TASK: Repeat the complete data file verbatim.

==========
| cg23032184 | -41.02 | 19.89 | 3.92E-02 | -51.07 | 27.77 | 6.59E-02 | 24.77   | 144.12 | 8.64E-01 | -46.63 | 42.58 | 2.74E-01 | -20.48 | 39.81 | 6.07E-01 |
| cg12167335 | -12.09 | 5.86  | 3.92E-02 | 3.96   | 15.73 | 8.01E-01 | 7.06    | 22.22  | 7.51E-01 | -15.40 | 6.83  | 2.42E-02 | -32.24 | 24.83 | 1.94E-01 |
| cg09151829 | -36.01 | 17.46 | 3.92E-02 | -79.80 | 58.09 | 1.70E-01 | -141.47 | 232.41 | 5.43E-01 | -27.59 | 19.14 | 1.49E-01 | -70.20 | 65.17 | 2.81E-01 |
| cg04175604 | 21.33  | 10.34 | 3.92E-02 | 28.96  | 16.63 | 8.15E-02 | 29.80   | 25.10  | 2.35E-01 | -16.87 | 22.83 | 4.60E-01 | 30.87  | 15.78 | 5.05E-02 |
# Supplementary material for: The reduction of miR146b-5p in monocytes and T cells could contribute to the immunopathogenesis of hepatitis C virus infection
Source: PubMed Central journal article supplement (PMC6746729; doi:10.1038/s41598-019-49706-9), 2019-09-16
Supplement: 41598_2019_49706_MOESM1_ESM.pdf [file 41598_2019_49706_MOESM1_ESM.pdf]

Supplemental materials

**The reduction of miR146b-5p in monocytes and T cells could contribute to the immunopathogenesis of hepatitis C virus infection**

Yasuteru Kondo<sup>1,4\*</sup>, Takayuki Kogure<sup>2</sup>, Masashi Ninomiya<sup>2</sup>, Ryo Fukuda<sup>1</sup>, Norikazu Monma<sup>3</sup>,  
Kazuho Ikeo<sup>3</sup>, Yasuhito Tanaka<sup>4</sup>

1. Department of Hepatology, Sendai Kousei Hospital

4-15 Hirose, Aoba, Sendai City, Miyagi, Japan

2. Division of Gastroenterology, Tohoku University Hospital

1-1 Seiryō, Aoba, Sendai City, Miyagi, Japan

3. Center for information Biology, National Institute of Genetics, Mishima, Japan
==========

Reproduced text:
| cg23032184 | -41.02 | 19.89 | 3.92E-02 | -51.07 | 27.77 | 6.59E-02 | 24.77   | 144.12 | 8.64E-01 | -46.63 | 42.58 | 2.74E-01 | -20.48 | 39.81 | 6.07E-01 |
| cg12167335 | -12.09 | 5.86  | 3.92E-02 | 3.96   | 15.73 | 8.01E-01 | 7.06    | 22.22  | 7.51E-01 | -15.40 | 6.83  | 2.42E-02 | -32.24 | 24.83 | 1.94E-01 |
| cg09151829 | -36.01 | 17.46 | 3.92E-02 | -79.80 | 58.09 | 1.70E-01 | -141.47 | 232.41 | 5.43E-01 | -27.59 | 19.14 | 1.49E-01 | -70.20 | 65.17 | 2.81E-01 |
| cg04175604 | 21.33  | 10.34 | 3.92E-02 | 28.96  | 16.63 | 8.15E-02 | 29.80   | 25.10  | 2.35E-01 | -16.87 | 22.83 | 4.60E-01 | 30.87  | 15.78 | 5.05E-02 |
# Supplementary material for: The reduction of miR146b-5p in monocytes and T cells could contribute to the immunopathogenesis of hepatitis C virus infection
Source: PubMed Central journal article supplement (PMC6746729; doi:10.1038/s41598-019-49706-9), 2019-09-16
Supplement: 41598_2019_49706_MOESM1_ESM.pdf [file 41598_2019_49706_MOESM1_ESM.pdf]

Supplemental materials

**The reduction of miR146b-5p in monocytes and T cells could contribute to the immunopathogenesis of hepatitis C virus infection**

Yasuteru Kondo<sup>1,4\*</sup>, Takayuki Kogure<sup>2</sup>, Masashi Ninomiya<sup>2</sup>, Ryo Fukuda<sup>1</sup>, Norikazu Monma<sup>3</sup>,  
Kazuho Ikeo<sup>3</sup>, Yasuhito Tanaka<sup>4</sup>

1. Department of Hepatology, Sendai Kousei Hospital

4-15 Hirose, Aoba, Sendai City, Miyagi, Japan

2. Division of Gastroenterology, Tohoku University Hospital

1-1 Seiryō, Aoba, Sendai City, Miyagi, Japan

3. Center for information Biology, National Institute of Genetics, Mishima, Japan